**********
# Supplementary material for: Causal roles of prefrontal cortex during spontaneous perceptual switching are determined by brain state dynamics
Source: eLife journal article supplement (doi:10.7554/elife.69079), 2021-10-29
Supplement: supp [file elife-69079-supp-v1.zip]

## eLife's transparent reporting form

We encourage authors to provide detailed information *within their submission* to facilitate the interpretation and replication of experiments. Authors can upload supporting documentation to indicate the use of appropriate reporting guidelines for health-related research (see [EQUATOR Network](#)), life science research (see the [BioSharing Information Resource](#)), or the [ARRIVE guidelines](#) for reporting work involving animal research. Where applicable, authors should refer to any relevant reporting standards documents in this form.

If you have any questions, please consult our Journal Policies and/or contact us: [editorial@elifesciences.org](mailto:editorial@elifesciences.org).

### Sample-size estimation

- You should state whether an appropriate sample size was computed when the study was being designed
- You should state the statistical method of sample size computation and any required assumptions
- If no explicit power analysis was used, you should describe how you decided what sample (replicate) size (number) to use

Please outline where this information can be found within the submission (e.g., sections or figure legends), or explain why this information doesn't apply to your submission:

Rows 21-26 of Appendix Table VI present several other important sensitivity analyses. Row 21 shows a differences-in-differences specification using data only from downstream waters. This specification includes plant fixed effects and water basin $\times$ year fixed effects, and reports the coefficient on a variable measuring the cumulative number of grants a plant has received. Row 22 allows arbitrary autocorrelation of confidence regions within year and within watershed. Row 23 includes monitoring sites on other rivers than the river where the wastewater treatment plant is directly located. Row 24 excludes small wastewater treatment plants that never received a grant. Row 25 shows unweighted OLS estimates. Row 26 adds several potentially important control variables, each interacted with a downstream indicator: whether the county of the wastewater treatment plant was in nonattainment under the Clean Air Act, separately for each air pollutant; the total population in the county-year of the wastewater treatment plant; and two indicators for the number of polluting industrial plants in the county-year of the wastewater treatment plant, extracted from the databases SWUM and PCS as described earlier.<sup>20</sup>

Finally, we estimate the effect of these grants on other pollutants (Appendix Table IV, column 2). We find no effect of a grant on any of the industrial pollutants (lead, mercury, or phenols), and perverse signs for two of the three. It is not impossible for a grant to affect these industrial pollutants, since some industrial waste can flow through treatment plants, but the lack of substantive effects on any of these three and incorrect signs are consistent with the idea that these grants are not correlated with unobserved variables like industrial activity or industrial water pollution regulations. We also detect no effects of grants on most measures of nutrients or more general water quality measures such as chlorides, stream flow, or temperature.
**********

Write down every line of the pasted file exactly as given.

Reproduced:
# Supplementary material for: Causal roles of prefrontal cortex during spontaneous perceptual switching are determined by brain state dynamics
Source: eLife journal article supplement (doi:10.7554/elife.69079), 2021-10-29
Supplement: supp [file elife-69079-supp-v1.zip]

## eLife's transparent reporting form

We encourage authors to provide detailed information *within their submission* to facilitate the interpretation and replication of experiments. Authors can upload supporting documentation to indicate the use of appropriate reporting guidelines for health-related research (see [EQUATOR Network](#)), life science research (see the [BioSharing Information Resource](#)), or the [ARRIVE guidelines](#) for reporting work involving animal research. Where applicable, authors should refer to any relevant reporting standards documents in this form.

If you have any questions, please consult our Journal Policies and/or contact us: [editorial@elifesciences.org](mailto:editorial@elifesciences.org).

### Sample-size estimation

- You should state whether an appropriate sample size was computed when the study was being designed
- You should state the statistical method of sample size computation and any required assumptions
- If no explicit power analysis was used, you should describe how you decided what sample (replicate) size (number) to use

Please outline where this information can be found within the submission (e.g., sections or figure legends), or explain why this information doesn't apply to your submission:

Rows 21-26 of Appendix Table VI present several other important sensitivity analyses. Row 21 shows a differences-in-differences specification using data only from downstream waters. This specification includes plant fixed effects and water basin $\times$ year fixed effects, and reports the coefficient on a variable measuring the cumulative number of grants a plant has received. Row 22 allows arbitrary autocorrelation of confidence regions within year and within watershed. Row 23 includes monitoring sites on other rivers than the river where the wastewater treatment plant is directly located. Row 24 excludes small wastewater treatment plants that never received a grant. Row 25 shows unweighted OLS estimates. Row 26 adds several potentially important control variables, each interacted with a downstream indicator: whether the county of the wastewater treatment plant was in nonattainment under the Clean Air Act, separately for each air pollutant; the total population in the county-year of the wastewater treatment plant; and two indicators for the number of polluting industrial plants in the county-year of the wastewater treatment plant, extracted from the databases SWUM and PCS as described earlier.<sup>20</sup>

Finally, we estimate the effect of these grants on other pollutants (Appendix Table IV, column 2). We find no effect of a grant on any of the industrial pollutants (lead, mercury, or phenols), and perverse signs for two of the three. It is not impossible for a grant to affect these industrial pollutants, since some industrial waste can flow through treatment plants, but the lack of substantive effects on any of these three and incorrect signs are consistent with the idea that these grants are not correlated with unobserved variables like industrial activity or industrial water pollution regulations. We also detect no effects of grants on most measures of nutrients or more general water quality measures such as chlorides, stream flow, or temperature.